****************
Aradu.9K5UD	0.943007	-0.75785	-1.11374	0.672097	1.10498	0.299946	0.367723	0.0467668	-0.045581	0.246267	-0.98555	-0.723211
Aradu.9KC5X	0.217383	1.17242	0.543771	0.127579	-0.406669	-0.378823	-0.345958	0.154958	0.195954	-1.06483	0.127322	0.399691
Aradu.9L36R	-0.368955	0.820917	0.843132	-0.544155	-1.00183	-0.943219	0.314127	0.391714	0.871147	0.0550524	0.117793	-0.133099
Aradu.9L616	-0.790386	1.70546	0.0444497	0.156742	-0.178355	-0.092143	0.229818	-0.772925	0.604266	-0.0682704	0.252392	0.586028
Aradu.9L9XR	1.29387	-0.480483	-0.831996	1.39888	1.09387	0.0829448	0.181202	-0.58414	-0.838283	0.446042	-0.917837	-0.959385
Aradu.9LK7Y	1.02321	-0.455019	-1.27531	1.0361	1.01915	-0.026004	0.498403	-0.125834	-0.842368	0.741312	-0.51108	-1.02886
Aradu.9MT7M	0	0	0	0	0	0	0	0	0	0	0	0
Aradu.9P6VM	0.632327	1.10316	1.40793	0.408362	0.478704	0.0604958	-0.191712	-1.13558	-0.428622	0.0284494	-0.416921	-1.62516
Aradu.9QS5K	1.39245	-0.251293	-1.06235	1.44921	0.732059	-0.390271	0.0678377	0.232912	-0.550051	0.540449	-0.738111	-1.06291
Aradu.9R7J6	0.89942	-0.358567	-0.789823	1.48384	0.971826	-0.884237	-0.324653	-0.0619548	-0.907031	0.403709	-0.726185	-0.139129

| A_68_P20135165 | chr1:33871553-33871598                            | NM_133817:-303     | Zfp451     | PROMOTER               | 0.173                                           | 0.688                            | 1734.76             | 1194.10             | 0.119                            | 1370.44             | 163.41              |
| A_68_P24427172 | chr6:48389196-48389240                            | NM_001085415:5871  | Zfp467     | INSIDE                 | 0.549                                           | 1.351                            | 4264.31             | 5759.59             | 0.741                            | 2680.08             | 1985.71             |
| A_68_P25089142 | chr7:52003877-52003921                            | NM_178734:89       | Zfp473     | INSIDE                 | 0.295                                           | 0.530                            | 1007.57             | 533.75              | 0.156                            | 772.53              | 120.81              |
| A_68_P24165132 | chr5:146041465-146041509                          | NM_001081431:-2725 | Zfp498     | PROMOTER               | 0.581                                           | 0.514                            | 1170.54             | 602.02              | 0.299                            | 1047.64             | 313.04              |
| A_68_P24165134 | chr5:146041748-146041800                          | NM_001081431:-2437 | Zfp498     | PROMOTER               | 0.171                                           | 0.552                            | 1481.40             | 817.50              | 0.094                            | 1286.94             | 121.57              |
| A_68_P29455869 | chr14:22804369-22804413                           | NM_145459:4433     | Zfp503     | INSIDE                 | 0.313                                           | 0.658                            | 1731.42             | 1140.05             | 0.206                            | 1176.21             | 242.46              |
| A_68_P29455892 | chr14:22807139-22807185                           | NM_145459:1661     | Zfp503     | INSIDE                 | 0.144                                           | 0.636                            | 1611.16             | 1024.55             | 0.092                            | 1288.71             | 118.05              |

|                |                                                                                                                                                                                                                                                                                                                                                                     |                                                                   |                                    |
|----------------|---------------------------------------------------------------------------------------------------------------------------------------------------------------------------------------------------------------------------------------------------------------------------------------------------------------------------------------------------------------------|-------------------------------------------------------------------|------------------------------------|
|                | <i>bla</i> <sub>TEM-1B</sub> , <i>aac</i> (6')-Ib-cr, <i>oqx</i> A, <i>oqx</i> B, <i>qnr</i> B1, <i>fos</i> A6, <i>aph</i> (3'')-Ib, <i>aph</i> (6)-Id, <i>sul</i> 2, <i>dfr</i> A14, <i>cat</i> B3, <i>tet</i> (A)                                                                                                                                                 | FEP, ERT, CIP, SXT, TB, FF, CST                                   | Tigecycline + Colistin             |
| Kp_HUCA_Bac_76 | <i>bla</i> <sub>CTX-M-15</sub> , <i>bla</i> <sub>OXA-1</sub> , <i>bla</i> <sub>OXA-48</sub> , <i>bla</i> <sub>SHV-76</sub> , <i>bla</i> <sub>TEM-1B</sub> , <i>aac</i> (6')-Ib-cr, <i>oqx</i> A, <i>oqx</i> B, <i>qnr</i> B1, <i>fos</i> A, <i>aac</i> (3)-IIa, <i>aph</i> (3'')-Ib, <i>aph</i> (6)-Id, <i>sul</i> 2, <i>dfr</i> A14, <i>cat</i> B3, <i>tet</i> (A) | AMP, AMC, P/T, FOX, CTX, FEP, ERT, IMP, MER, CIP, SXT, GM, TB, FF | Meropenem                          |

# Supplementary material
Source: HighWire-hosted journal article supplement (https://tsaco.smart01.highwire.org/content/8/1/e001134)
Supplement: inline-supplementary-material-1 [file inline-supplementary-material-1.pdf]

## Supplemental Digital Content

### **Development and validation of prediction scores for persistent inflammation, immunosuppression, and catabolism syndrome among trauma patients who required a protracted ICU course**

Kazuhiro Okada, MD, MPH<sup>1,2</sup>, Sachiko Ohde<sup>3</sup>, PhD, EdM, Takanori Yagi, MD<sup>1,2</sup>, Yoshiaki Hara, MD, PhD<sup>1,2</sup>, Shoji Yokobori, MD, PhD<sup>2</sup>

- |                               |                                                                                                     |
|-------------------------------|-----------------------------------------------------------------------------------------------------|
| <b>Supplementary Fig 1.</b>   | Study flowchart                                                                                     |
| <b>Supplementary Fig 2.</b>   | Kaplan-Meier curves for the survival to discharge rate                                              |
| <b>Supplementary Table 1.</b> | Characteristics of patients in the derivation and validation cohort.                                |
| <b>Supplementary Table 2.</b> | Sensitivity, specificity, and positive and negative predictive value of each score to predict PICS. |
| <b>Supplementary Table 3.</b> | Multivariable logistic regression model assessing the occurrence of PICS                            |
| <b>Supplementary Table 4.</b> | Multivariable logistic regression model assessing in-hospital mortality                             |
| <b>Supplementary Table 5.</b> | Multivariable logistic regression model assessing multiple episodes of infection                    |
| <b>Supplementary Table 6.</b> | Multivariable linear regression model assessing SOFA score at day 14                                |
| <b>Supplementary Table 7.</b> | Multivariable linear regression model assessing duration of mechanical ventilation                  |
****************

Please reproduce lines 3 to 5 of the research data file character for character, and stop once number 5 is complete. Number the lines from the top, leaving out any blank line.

Aradu.9L36R	-0.368955	0.820917	0.843132	-0.544155	-1.00183	-0.943219	0.314127	0.391714	0.871147	0.0550524	0.117793	-0.133099
Aradu.9L616	-0.790386	1.70546	0.0444497	0.156742	-0.178355	-0.092143	0.229818	-0.772925	0.604266	-0.0682704	0.252392	0.586028
Aradu.9L9XR	1.29387	-0.480483	-0.831996	1.39888	1.09387	0.0829448	0.181202	-0.58414	-0.838283	0.446042	-0.917837	-0.959385